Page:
• Sometimes lying to important people about the amount of time spent online.
  • Being online helps to forget about problems or improve mood when feeling sad, anxious, or lonely.

The consequences can be mild to severe, just as they might with alcohol or gambling. For example, we may find the burden of resisting our phone while we work as especially draining, with greater difficulty concentrating. We might spend less time studying or engaging with meaningful friends. It can impact the quality of our parenting (Poli, 2017). We may lose sleep because we can’t peel our eyes away from the next video. We may lose our ability to perform sexually or fail to develop good social skills outside of virtual arenas. We may see financial strain or ruin, and we can even ruin marriages and lose jobs, all due to compulsive internet use.

Whether internet addiction is a consequence of other mental health concerns, or simply contributes to others, it is a serious circumstance and requires intentional effort. Cognitive behavioral therapy and other approaches to addiction are considering the leading treatment options for internet addiction.

Treatment for Internet Addiction

If you are not ready to seek professional therapy, here are some ideas of where to begin to overcome internet addiction.
First, build your awareness of when you are engaging in these activities. You have to “name it to tame it,” and this begins with recognizing when you are engaging in these behaviors. Think of this as “calibrating your radar” or becoming very good at catching yourself “in the act.”

Next, re-label or begin to name the behavior as what it is: compulsive and unintentional use of the internet. An important part of this step is having a sense of understanding of yourself for why this is so difficult, rather than shaming or feeling the need to hide this part of yourself.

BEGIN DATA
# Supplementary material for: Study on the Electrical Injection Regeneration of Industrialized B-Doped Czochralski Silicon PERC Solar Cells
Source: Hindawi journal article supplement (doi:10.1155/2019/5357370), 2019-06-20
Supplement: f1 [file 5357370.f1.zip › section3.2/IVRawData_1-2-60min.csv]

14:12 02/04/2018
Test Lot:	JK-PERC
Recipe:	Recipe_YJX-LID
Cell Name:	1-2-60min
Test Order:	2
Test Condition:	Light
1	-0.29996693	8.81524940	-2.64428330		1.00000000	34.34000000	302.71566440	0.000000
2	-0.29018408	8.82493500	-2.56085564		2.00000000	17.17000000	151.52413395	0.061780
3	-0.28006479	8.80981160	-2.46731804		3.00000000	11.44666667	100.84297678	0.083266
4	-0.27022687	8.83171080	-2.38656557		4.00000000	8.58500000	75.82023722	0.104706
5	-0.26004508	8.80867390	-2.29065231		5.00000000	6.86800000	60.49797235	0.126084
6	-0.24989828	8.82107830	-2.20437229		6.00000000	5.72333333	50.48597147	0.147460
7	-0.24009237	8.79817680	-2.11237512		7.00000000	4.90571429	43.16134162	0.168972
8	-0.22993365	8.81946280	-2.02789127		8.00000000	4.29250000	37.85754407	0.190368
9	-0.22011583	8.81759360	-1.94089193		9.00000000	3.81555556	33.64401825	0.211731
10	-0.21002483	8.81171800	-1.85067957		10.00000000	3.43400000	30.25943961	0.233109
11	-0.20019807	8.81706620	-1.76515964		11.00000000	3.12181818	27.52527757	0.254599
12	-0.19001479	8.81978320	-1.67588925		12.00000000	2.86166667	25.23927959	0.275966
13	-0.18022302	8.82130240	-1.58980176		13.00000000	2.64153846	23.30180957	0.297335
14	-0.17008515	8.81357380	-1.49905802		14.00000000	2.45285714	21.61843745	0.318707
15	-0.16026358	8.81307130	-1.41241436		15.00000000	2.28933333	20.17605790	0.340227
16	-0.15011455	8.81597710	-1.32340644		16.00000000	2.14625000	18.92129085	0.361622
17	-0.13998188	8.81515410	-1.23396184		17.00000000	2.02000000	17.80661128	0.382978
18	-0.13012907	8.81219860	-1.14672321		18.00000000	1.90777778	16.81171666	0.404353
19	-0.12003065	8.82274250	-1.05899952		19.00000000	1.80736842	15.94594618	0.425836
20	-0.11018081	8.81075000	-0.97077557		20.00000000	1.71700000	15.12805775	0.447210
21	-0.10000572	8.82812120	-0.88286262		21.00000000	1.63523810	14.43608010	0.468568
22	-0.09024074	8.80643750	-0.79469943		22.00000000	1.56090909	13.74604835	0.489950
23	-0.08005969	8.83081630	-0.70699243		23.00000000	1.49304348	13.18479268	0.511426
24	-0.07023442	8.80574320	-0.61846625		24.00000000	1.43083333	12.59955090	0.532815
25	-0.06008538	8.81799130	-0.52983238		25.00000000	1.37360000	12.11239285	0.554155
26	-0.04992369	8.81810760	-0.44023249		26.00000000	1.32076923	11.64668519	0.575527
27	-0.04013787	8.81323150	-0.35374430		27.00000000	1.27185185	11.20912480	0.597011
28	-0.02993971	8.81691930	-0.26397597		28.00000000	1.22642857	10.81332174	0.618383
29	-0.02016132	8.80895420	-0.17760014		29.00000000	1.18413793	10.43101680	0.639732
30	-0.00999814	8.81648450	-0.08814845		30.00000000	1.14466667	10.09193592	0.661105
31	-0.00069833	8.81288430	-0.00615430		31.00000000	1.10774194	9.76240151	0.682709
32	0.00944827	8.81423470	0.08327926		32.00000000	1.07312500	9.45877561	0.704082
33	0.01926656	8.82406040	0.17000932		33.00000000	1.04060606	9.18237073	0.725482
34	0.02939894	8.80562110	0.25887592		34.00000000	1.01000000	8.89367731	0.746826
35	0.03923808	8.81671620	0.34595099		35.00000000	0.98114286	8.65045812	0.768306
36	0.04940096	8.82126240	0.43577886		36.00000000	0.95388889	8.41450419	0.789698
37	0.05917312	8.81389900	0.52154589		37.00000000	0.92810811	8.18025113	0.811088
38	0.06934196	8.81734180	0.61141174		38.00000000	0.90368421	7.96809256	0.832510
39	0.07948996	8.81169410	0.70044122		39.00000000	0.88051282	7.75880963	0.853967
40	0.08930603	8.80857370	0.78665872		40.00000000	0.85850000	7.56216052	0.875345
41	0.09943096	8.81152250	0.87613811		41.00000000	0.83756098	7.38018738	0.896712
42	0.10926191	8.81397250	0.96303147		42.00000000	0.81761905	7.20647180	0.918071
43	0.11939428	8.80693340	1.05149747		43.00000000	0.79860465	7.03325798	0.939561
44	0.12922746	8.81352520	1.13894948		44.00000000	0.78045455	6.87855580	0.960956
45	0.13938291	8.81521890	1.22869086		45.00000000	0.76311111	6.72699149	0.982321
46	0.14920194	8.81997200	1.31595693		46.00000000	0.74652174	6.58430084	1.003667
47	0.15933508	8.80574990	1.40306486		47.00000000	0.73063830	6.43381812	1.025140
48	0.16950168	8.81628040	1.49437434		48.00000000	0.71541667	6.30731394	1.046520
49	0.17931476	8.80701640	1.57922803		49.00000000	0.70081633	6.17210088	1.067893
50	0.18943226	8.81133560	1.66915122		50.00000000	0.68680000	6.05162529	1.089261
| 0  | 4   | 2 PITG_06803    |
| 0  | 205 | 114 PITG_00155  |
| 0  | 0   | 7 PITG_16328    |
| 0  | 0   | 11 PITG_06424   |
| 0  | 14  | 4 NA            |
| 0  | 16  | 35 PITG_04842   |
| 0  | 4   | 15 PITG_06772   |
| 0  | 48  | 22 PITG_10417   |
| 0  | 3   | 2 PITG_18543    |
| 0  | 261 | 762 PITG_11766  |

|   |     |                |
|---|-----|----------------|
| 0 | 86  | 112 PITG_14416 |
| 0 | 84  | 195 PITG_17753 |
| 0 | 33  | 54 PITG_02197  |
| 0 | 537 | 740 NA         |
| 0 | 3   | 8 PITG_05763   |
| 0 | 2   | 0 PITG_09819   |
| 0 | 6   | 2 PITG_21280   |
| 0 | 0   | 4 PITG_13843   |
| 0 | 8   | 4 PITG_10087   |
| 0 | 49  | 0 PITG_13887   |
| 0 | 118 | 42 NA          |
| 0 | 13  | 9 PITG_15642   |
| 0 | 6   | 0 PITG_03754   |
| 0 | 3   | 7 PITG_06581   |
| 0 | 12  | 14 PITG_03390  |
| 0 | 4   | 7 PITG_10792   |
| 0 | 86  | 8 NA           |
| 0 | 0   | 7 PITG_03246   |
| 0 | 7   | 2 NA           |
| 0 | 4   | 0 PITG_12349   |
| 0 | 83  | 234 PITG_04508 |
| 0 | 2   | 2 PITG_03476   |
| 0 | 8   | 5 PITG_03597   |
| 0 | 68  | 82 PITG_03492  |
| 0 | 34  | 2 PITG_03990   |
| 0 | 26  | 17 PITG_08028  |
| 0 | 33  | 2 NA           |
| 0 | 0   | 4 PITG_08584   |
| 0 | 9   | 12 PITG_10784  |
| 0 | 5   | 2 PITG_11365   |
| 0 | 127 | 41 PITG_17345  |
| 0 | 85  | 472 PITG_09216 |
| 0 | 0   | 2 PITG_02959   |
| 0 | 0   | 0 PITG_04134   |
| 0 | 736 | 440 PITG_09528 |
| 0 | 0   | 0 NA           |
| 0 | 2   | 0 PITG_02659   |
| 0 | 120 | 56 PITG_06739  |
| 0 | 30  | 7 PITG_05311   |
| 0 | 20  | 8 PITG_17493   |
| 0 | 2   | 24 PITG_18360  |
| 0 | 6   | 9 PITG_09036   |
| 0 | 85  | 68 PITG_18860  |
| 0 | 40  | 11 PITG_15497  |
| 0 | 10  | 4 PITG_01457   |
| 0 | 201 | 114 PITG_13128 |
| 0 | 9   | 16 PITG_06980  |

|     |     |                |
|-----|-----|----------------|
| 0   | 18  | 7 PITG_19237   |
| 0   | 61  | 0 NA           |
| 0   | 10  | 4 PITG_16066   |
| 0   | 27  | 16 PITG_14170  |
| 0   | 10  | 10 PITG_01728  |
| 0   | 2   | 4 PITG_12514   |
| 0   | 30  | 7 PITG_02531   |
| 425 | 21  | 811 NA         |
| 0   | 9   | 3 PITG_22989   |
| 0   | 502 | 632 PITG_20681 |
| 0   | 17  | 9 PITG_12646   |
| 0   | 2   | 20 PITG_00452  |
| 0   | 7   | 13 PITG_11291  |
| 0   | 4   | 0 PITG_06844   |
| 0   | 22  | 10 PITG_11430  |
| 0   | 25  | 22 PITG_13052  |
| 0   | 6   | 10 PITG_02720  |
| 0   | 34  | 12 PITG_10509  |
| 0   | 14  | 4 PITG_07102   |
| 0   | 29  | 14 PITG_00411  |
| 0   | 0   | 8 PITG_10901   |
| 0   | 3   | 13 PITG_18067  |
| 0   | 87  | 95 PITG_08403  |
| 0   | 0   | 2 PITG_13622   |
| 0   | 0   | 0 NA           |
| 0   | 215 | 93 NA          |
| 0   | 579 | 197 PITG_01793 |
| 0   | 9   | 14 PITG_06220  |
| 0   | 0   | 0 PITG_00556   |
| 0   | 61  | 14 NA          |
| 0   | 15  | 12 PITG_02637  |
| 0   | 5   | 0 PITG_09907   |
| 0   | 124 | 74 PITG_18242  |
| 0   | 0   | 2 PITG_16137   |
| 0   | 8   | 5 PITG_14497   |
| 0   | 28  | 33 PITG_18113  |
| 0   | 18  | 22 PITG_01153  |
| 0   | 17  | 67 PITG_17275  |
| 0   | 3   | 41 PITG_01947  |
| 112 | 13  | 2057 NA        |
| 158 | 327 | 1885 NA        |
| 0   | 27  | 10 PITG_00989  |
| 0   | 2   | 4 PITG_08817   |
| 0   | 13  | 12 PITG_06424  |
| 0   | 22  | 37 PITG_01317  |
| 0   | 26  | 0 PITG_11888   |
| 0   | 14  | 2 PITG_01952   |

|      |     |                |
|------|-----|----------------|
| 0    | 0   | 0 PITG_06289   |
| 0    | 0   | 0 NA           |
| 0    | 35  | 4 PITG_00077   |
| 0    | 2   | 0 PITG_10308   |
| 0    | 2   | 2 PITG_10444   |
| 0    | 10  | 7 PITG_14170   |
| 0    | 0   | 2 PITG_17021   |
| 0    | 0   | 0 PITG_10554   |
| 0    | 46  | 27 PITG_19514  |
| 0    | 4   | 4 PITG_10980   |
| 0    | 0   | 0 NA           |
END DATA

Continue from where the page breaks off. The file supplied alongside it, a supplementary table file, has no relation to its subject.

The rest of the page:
The final, and crucial part, is the emotion regulation to resist and disconnect. Noticing how intense the desire to continue or start in the first place is challenging enough. Take a moment to distract yourself, talk to someone you trust about what you’re experiencing, go do something else for several minutes, etc. Therapists often talk about urge-surfing, which is a technique that involves recognizing how an urge presents itself physically, taking a curious, observational approach to focusing on that feeling, and letting the feeling rise and fall like a wave you are surfing, staying above it the whole time. Have a plan for what you will do instead of the internet use. Don’t just plan to “not do” something. Plan to do something instead.

If you find yourself continuing to struggle, seek therapy with a licensed addiction specialist at Avance Care Behavioral Health.


Beard, K. W. (2005). Internet addiction: a review of current assessment techniques and potential assessment questions. Cyberpsychology & Behavior, 7(14). doi: 10.1089/cpb.2005.8.7. PMID: 15738688.

Poli, R. (2017). Internet addiction update: Diagnostic criteria, assessment and prevalence. Neuropsychiatry, 7(1). Retrieved from

Young, K. S. (1998). Internet addiction: The emergence of a new clinical disorder. CyberPsychology & Behavior, 1(3), 237–244.